13 Lessons Learned While Building a Bathroom

August 18, 2018 by George Fritts


How did I spend my summer? Well, a good portion was spent taking an unused corner of an unusually large mud room in our new house and installing a third bathroom.  While I necessarily outsourced a lot of the more technical aspects, most of the heavy lifting was done by yours truly.  As with any construction project I have attempted, there were some significant lessons to be learned:

#13: Even if they are a friend, beware if a professional tradesman suggests you could save money by doing a portion of the job yourself. Especially if it involves concrete…or digging.

Nothing gives you an appreciation for those who make their living by means of hard physical labor than doing a little bit of it yourself. When it came time to fill in the hole we made in the foundation to accommodate the rough plumbing, it was getting on toward evening.  Our plumber rather benignly suggested it might be worth my while to do the concrete work myself.  I thought to myself, “I’ve done some of that kind of thing before—how hard can it be?” I should have taken a clue from the complete attitude reversal of the plumber’s assistant/son when he realized he wasn’t going to have to spend his evening mixing concrete. I’m sure it took me twice as long as it would have taken them. Was it worth it? Meh. In any case, I am thankful for my friend and all others who do the work that the rest of us don’t.

 

#12: When mixing concrete with an egg-beater type mixer attachment, brace the drill against your leg. Better yet, buy a dang wheelbarrow and mix it the way your dad taught you.

Mixing concrete half a bag at a time in a 5-gallon bucket is not my idea of fun. When my plumber friend offered to leave his mixing attachment for me, it sounded like a great idea. After putting the recommended proportions of water and concrete mix into the bucket, I stuck the attachment end of the drill down in the mix, pulled the trigger…and nearly ripped my hand clean off at the wrist.  After assessing the damage, I stuck it back in the bucket, pulled the trigger…and DID IT AGAIN! I tried a couple times to brace the drill to avoid further damage to my wrist, but there was no denying the acrid smell—a clear signal of worse damage to the drill itself if I continued with that method.  The rest of the mixing was a slow process of stirring with a long-bladed shovel.  I was suddenly nostalgic for the days spent with my father mixing whole bags at a time with a wheelbarrow and a hoe.  Sometimes new and different ways of doing things aren’t better…just new and different.

 

#11: Self-leveling concrete…doesn’t.

Don’t expect life to be easy. Even with the smoothest stuff life has to offer, it takes a significant effort to achieve the best results.

 

#10: If you find yourself thinking that spending time with your grandson (or wife, or children, or pretty much any other relationship) is taking away from your reno time, you have some pretty messed up priorities.

‘Nuff said.

 

#9: You may be able to get away with demo’ing angry, but trying to build something when you’re angry is a lost cause.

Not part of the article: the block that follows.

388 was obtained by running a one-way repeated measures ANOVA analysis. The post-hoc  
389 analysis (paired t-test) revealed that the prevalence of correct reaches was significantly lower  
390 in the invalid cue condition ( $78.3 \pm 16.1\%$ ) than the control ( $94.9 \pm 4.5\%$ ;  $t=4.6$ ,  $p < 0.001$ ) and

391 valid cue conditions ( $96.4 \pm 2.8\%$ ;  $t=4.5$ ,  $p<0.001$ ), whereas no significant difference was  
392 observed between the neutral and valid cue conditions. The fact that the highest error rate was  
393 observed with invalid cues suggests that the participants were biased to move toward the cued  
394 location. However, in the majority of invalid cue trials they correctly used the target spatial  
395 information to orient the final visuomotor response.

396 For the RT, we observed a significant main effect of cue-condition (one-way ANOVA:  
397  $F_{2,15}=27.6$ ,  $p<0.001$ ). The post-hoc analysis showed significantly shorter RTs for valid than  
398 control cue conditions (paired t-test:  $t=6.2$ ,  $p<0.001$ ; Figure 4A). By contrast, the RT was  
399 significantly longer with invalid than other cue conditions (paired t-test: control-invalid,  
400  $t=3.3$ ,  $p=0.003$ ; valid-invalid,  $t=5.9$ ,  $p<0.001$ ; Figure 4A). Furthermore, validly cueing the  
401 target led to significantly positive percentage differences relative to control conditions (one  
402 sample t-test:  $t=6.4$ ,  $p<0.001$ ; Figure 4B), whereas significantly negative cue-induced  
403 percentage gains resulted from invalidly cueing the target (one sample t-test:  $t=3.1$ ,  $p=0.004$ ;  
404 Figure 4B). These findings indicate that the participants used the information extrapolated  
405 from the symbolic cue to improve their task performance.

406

There are many legitimate purposes to anger, but it is not a “constructive” emotion.  It is an emotion that calls for removal—for repentance.  Once a turn in a positive direction is made, dealing with the anger and converting that energy into something else (inspiration or conviction, for instance), keeps a worthwhile effort on track toward completion.

 

#8: Dry wall tape is one of the most humbling substances in the world.

Sometimes it takes the simplest of tasks to recognize that you can’t do everything well.

 

#7: It’s not going to work out the way you think.

As good as it is to have a plan, it is equally beneficial to know when that plan needs to be changed.

 

#6: Anything having to do with a claw foot tub is a two-person activity.

Having the wisdom and humility to recognize when you need help and then to actually ask for it saves all manner of frustration and waste.

 

#5: There is no such thing as a good deal on a 100-year-old claw foot tub.

I’ve seen many variations of the same sign in many different fix-it shops: “You can have it good, fast, or cheap. Pick any two.” This is a rule that seems to transcend the wry humor of service-oriented businesses.  You can count on quality costing you…one way or another.

 

#4: If you find yourself driving to the home improvement store to get milk, it might be time to take a break from the project.

Singlemindedness can be helpful, until it turns into obsession…or distraction from the task at hand. Rest and leisure are often undervalued. Knowing when to take a break is only half the battle—you actually have to follow through and rest to avoid diminishing returns.

 

#3: Clean up the shed before you start.

The time and effort required to be organized is more than offset by the time and effort saved by doing so. Not to mention the emotional energy involved…Anyone who has spent a half hour looking for a tool that was “right THERE,” knows what I mean.

 

#2: Recognize when “good enough” is good enough.

Excellence is a worthy goal, but perfection is often neither obtainable nor advisable. Expending the resources required to go beyond excellence is wasteful and often fruitless.

 

#1: Unsolicited advice can save your backside.

I think it is a common tendency to be offended when someone tells us something we already know. However, if we can learn to express appreciation in these moments, we can create an environment that others feel free to tell us things that we may NOT be aware of—saving us hardship, needless expense, embarrassment…and sometimes even more dire consequences.

 

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